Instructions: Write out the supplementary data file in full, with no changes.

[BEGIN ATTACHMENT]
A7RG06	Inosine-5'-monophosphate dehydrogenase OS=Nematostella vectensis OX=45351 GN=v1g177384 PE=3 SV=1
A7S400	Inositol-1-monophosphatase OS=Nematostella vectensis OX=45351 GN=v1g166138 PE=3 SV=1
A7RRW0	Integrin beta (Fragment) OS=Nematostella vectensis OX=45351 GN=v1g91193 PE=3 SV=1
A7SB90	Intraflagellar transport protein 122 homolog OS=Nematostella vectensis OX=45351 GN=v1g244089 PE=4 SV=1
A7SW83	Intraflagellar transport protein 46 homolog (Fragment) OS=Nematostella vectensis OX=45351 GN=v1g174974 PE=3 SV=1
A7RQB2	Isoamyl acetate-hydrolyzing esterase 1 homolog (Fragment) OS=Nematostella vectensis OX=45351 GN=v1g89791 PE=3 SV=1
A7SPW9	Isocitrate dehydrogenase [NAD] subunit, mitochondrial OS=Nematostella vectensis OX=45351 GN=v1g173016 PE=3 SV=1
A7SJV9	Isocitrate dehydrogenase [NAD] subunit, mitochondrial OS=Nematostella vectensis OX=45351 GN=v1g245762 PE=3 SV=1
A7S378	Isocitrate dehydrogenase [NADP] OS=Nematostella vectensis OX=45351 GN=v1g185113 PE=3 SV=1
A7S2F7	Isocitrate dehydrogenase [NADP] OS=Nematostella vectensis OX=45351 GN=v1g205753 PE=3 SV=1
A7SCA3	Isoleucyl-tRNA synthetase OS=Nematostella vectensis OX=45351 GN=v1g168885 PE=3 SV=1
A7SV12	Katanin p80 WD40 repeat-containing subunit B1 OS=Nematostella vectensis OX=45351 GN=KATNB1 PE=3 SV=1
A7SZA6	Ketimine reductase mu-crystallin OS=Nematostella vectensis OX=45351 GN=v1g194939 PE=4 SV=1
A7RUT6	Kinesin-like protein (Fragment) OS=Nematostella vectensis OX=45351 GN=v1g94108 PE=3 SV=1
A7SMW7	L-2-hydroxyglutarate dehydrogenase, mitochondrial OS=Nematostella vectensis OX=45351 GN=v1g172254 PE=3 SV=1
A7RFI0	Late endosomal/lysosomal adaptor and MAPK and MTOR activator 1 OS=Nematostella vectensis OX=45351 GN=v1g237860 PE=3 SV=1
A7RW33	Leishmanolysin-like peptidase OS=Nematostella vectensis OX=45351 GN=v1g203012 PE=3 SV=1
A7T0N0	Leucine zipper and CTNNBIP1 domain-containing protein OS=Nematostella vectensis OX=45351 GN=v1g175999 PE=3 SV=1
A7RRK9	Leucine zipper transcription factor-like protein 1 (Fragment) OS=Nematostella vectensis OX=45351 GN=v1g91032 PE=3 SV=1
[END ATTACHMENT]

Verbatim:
A7RG06	Inosine-5'-monophosphate dehydrogenase OS=Nematostella vectensis OX=45351 GN=v1g177384 PE=3 SV=1
A7S400	Inositol-1-monophosphatase OS=Nematostella vectensis OX=45351 GN=v1g166138 PE=3 SV=1
A7RRW0	Integrin beta (Fragment) OS=Nematostella vectensis OX=45351 GN=v1g91193 PE=3 SV=1
A7SB90	Intraflagellar transport protein 122 homolog OS=Nematostella vectensis OX=45351 GN=v1g244089 PE=4 SV=1
A7SW83	Intraflagellar transport protein 46 homolog (Fragment) OS=Nematostella vectensis OX=45351 GN=v1g174974 PE=3 SV=1
A7RQB2	Isoamyl acetate-hydrolyzing esterase 1 homolog (Fragment) OS=Nematostella vectensis OX=45351 GN=v1g89791 PE=3 SV=1
A7SPW9	Isocitrate dehydrogenase [NAD] subunit, mitochondrial OS=Nematostella vectensis OX=45351 GN=v1g173016 PE=3 SV=1
A7SJV9	Isocitrate dehydrogenase [NAD] subunit, mitochondrial OS=Nematostella vectensis OX=45351 GN=v1g245762 PE=3 SV=1
A7S378	Isocitrate dehydrogenase [NADP] OS=Nematostella vectensis OX=45351 GN=v1g185113 PE=3 SV=1
A7S2F7	Isocitrate dehydrogenase [NADP] OS=Nematostella vectensis OX=45351 GN=v1g205753 PE=3 SV=1
A7SCA3	Isoleucyl-tRNA synthetase OS=Nematostella vectensis OX=45351 GN=v1g168885 PE=3 SV=1
A7SV12	Katanin p80 WD40 repeat-containing subunit B1 OS=Nematostella vectensis OX=45351 GN=KATNB1 PE=3 SV=1
A7SZA6	Ketimine reductase mu-crystallin OS=Nematostella vectensis OX=45351 GN=v1g194939 PE=4 SV=1
A7RUT6	Kinesin-like protein (Fragment) OS=Nematostella vectensis OX=45351 GN=v1g94108 PE=3 SV=1
A7SMW7	L-2-hydroxyglutarate dehydrogenase, mitochondrial OS=Nematostella vectensis OX=45351 GN=v1g172254 PE=3 SV=1
A7RFI0	Late endosomal/lysosomal adaptor and MAPK and MTOR activator 1 OS=Nematostella vectensis OX=45351 GN=v1g237860 PE=3 SV=1
A7RW33	Leishmanolysin-like peptidase OS=Nematostella vectensis OX=45351 GN=v1g203012 PE=3 SV=1
A7T0N0	Leucine zipper and CTNNBIP1 domain-containing protein OS=Nematostella vectensis OX=45351 GN=v1g175999 PE=3 SV=1
A7RRK9	Leucine zipper transcription factor-like protein 1 (Fragment) OS=Nematostella vectensis OX=45351 GN=v1g91032 PE=3 SV=1